Commerce funds four more innovative projects seeking to repurpose industrial and agricultural waste

Industrial Symbiosis grants advance the idea that growth does not have to equal waste; one company’s waste is another’s resource

OLYMPIA, WA – The Washington State Department of Commerce today announced $850,000 in grants to four projects that support efforts to develop beneficial uses for industrial waste. In this second year of the Industrial Symbiosis Program, funded projects range from research and development to implementation. The program seeks to go beyond waste reduction by turning waste into a valued resource, which benefits the producer and stimulates new business opportunities and profitability that support the “circular economy” – one that is sustainable, integrated, climate-friendly and profitable.

Competitive grants announced today are:

  • Cascadia Produce (Auburn) – $250,000 to establish a retail rejection hub and distribution center for rescued food, and develop an online marketplace to serve as a market outlet to an expanded number of organizations with direct access to rescued food. Additionally, they will explore whether delivery of case quantities of rescued product can be implemented in a cost-effective, self-sustaining way to support ongoing logistics. Project partners will include Cedar Grove and Seattle Good Business Network.
  • Qualterra (Cheney) – $206,857 to turn downstream material from Washington industries into a useful biochar product
    Photo of plants in a greenhouse at Qualterra industrial symbiosis project in Cheney WA

    Plants in a Qualterra greenhouse just after acclimation

    to bolster crop and soil health. The study aims to further cultivate symbiotic relationships with industries aiming to recycle biomass waste streams, as well as with growers and farmers seeking to produce crops in a profitable and environmentally sustainable way. Additionally, the pyrolysis of these industrial waste streams will serve as the basis for generating renewable energy utilized to power the greenhouse where the biochar trials are conducted.

  • Waste Loop (Leavenworth) – $157,326 to further develop the Wenatchee Valley Reuse Innovation Center (RIC), a facility dedicated to promoting and facilitating the reuse of materials from construction and agricultural industries. The primary goal is to promote a circular economy by diverting waste from landfills while encouraging the repurposing or refurbishment of materials into beneficial reuse through direct resale or value-added production.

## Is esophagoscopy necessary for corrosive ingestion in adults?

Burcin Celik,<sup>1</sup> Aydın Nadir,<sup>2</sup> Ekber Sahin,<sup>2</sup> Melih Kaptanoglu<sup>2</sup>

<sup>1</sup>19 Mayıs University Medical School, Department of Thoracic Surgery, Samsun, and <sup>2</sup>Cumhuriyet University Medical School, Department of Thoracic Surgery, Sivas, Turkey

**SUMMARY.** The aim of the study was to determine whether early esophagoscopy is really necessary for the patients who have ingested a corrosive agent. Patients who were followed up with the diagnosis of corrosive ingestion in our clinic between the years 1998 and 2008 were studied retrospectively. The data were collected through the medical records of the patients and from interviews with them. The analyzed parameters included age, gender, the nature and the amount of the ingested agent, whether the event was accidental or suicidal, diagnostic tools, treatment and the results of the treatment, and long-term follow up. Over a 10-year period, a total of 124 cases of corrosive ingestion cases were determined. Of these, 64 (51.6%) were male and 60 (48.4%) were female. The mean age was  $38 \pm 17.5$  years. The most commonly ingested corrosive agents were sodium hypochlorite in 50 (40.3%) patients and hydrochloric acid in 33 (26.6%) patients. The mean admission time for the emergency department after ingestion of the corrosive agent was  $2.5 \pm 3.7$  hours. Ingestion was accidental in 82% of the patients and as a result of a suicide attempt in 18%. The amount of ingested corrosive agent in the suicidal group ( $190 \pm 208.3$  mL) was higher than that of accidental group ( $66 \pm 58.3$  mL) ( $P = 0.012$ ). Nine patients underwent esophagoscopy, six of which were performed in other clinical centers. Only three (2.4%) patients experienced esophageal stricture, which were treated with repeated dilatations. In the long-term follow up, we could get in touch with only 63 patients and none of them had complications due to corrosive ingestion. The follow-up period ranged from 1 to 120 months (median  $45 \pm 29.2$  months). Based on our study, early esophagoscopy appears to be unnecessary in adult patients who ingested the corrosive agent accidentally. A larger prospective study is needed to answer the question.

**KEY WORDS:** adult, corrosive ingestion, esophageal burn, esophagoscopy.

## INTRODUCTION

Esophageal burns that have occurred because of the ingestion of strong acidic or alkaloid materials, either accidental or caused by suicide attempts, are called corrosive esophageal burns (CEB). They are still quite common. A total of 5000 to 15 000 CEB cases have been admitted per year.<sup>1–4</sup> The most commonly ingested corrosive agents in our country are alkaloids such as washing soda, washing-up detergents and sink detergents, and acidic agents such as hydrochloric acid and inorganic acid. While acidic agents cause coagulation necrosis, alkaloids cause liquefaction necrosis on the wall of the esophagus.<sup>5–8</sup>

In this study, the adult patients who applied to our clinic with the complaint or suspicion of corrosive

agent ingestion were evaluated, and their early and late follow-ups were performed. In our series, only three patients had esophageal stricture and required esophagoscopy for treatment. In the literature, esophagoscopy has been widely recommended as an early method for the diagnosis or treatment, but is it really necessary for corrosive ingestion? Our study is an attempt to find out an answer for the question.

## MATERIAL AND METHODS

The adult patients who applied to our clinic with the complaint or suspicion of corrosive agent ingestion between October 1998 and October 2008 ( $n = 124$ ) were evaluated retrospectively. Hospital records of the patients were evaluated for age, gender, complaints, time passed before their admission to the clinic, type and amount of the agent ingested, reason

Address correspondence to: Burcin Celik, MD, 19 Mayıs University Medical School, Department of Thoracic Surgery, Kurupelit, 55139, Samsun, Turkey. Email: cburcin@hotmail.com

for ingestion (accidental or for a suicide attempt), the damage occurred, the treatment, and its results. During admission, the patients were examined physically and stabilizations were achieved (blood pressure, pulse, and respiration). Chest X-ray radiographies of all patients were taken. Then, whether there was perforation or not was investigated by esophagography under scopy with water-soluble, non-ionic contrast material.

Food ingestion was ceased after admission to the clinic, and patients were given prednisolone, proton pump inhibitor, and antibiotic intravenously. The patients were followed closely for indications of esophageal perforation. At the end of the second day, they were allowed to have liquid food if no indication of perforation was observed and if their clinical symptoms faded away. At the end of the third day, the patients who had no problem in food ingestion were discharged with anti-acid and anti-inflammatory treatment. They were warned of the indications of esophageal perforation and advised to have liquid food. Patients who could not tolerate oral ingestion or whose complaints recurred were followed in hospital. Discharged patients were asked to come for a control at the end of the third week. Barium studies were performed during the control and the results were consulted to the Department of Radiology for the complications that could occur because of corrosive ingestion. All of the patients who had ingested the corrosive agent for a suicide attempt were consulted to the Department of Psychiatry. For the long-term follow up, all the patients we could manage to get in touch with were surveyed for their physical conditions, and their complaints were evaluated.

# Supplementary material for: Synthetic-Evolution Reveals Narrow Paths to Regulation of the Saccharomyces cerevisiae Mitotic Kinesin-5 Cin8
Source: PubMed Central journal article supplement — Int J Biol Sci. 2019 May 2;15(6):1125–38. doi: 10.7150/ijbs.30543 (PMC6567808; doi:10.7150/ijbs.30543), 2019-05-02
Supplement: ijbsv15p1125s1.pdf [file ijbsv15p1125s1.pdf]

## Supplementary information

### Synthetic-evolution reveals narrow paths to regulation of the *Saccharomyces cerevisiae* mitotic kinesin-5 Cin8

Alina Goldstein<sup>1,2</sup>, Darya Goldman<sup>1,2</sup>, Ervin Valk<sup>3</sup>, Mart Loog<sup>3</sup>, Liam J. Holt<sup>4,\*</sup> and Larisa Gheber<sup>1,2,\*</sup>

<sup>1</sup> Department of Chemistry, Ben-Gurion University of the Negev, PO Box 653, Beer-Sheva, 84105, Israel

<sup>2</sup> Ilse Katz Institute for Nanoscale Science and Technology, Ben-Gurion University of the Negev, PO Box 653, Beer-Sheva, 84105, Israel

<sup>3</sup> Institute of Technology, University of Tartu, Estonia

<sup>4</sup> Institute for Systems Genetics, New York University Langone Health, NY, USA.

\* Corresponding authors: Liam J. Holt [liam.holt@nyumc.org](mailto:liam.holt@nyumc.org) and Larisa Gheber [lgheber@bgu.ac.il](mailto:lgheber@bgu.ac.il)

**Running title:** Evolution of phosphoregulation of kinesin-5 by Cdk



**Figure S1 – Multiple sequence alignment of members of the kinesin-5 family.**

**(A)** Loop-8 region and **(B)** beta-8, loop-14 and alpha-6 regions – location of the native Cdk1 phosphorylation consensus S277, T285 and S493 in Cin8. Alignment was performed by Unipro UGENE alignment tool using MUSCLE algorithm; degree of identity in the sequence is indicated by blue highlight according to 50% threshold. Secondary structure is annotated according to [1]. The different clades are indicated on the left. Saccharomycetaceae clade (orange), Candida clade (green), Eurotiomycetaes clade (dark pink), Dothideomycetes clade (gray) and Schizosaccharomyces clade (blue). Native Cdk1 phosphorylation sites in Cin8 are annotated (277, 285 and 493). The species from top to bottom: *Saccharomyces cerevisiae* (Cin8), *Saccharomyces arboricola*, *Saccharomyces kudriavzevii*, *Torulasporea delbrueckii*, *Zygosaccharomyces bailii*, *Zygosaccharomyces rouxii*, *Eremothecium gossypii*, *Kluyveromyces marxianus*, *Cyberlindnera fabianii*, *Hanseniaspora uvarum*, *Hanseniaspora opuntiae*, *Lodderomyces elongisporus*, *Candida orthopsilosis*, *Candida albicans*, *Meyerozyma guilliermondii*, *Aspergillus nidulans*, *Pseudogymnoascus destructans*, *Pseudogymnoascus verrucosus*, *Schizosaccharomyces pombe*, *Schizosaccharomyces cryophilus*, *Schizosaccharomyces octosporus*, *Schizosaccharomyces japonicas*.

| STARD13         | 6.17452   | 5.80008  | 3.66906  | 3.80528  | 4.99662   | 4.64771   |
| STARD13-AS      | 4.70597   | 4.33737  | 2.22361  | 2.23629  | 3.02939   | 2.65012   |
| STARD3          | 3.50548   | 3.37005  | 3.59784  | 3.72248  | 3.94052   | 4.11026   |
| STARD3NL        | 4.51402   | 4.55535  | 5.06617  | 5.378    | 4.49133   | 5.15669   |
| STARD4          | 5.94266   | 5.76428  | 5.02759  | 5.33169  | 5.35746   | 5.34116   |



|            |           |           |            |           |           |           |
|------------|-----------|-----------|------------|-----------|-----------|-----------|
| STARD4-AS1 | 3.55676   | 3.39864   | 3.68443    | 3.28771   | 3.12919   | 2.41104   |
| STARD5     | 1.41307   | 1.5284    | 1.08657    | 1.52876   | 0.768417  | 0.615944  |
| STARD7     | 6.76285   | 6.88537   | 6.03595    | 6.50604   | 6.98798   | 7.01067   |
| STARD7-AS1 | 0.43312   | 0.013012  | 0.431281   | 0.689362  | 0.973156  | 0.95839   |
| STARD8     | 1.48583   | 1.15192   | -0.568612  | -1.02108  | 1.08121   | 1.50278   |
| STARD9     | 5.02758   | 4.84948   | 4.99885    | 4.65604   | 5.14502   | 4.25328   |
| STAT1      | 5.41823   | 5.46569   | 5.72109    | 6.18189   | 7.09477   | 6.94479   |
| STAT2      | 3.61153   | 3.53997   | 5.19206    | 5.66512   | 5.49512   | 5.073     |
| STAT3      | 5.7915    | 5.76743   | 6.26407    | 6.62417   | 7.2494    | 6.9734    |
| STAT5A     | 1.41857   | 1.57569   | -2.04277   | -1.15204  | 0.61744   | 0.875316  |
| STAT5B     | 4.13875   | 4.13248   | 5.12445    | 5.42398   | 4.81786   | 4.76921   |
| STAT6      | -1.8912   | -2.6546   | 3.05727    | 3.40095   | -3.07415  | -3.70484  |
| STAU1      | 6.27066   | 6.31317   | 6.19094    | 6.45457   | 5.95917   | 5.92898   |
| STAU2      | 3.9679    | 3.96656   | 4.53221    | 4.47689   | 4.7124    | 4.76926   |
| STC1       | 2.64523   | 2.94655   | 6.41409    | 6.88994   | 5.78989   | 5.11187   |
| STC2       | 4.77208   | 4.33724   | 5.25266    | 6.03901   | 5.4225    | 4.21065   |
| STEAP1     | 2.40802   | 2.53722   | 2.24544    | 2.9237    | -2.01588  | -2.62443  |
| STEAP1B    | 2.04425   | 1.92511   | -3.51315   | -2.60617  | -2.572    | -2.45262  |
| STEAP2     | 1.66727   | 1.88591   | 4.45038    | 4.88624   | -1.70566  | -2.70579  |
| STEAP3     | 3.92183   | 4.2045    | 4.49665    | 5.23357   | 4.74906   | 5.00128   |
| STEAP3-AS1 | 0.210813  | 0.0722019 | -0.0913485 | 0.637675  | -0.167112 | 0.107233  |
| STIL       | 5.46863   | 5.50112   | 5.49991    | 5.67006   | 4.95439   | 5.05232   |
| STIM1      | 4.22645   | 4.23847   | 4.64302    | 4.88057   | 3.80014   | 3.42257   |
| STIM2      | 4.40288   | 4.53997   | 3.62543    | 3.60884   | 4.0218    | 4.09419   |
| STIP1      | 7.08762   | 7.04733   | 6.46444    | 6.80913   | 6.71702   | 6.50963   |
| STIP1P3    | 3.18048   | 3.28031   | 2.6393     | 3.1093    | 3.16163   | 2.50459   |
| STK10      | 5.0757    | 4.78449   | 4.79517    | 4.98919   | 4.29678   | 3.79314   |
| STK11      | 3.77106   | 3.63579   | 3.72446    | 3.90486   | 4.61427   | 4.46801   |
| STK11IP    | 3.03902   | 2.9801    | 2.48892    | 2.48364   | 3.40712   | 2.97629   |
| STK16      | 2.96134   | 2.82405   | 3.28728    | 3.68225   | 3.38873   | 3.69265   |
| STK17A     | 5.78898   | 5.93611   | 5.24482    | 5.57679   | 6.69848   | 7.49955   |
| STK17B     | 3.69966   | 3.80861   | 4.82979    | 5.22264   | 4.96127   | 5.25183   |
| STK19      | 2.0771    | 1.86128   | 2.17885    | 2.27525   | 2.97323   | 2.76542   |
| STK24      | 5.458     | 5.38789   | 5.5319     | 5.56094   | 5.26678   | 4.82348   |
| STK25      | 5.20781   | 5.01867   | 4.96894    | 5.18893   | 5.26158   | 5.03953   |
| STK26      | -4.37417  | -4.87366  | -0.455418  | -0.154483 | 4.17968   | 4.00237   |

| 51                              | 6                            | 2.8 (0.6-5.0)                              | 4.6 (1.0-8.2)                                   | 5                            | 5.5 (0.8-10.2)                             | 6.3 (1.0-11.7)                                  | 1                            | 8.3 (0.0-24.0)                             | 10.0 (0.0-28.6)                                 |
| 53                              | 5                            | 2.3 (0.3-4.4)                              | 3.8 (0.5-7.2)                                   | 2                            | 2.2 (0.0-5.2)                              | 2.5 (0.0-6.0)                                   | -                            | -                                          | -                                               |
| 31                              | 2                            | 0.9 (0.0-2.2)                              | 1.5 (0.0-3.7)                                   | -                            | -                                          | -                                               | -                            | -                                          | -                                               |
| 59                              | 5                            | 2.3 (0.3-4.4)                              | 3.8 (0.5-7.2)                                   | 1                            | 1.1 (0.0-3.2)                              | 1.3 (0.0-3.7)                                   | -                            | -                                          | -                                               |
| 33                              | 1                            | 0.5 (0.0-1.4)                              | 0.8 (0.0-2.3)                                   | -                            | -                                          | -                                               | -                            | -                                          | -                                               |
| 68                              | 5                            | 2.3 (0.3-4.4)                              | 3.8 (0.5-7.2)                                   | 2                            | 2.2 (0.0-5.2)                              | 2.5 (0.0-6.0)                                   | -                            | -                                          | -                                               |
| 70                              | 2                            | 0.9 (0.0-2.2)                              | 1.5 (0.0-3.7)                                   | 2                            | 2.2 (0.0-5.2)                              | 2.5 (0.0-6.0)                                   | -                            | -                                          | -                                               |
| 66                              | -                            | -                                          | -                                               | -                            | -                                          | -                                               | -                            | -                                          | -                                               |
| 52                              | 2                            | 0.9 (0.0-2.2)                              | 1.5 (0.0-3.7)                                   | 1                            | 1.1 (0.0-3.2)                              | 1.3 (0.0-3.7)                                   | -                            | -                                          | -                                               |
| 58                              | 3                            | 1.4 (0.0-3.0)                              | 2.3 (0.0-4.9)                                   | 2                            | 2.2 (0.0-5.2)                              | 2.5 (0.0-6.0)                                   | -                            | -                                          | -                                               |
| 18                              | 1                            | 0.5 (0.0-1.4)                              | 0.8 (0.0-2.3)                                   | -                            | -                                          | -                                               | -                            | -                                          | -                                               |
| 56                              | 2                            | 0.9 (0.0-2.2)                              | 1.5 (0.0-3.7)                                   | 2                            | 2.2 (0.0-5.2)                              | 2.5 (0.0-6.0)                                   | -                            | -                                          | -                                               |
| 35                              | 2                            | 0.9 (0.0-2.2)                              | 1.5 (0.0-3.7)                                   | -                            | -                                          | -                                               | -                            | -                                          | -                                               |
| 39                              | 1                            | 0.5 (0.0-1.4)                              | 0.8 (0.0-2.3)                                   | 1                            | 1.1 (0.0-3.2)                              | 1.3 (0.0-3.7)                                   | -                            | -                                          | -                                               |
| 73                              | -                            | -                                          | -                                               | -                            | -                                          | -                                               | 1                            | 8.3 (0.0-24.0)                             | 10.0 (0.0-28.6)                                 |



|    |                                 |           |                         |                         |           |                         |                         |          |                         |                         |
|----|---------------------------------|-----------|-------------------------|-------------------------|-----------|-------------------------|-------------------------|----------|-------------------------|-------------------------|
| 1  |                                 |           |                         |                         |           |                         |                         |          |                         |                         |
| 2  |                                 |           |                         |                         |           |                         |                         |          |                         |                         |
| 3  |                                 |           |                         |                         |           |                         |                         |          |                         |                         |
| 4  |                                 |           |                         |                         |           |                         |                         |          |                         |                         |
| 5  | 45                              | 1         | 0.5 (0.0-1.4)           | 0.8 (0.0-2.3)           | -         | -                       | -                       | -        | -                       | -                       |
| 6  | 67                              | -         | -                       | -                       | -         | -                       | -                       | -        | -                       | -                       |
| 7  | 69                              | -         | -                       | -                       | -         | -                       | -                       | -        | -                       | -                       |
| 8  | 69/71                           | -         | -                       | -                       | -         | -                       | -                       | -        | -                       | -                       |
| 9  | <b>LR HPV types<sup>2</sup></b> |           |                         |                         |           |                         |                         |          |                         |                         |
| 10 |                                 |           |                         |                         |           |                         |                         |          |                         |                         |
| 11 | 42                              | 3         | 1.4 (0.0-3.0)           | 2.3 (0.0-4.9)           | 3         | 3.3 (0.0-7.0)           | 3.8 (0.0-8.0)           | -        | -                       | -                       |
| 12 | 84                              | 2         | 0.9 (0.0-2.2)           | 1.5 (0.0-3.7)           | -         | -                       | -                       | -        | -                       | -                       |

• Washington State University (Pullman) – $235,817 to manufacture biochar from waste biomass such as forestry residues and municipal biosolids, and incorporate it into concrete to develop durable, carbon-negative alternative for the construction sector. Diverting waste biomass to beneficial use (biochar as building materials) in concrete aims to stimulate the local economy and create jobs while mitigating climate change.

“Industrial symbiosis is one tool from a set of forward-looking ideas and applications demonstrating that growth does not have to equal waste,” said Commerce Director Mike Fong. “Innovation is happening around the world to advance this idea, and we are supporting opportunities to accelerate it here, creating profitable business models and good jobs that protect the environment and strengthen our communities.”

“This year, Commerce received a wide range of exciting proposals, again highlighting the magnitude of industry-driven involvement in helping to achieve the state’s decarbonization goals,” said Kirk Esmond, Commerce Sustainable Business Development Director. “These beneficial projects showcase how underutilized resources of one company—such as waste, byproducts and materials—can be converted to energy or added-value products. “

“We are honored to again be involved with the Industrial Symbiosis Program,” said Mike Werner, Chief Executive Officer, Qualterra Inc. “This award will further accelerate the study of biomass processing to produce biochar, using various agricultural waste streams, for the purpose soil regeneration, crop health/yield improvements and carbon sequestration, as well as the generation of renewable energy which is pivotal to climate health.”

The program looks across the state to fund expansion of existing industrial symbiosis efforts, assist others that are on their way, and support those still on the drawing board. More information is available on Commerce’s Industrial Symbiosis website.

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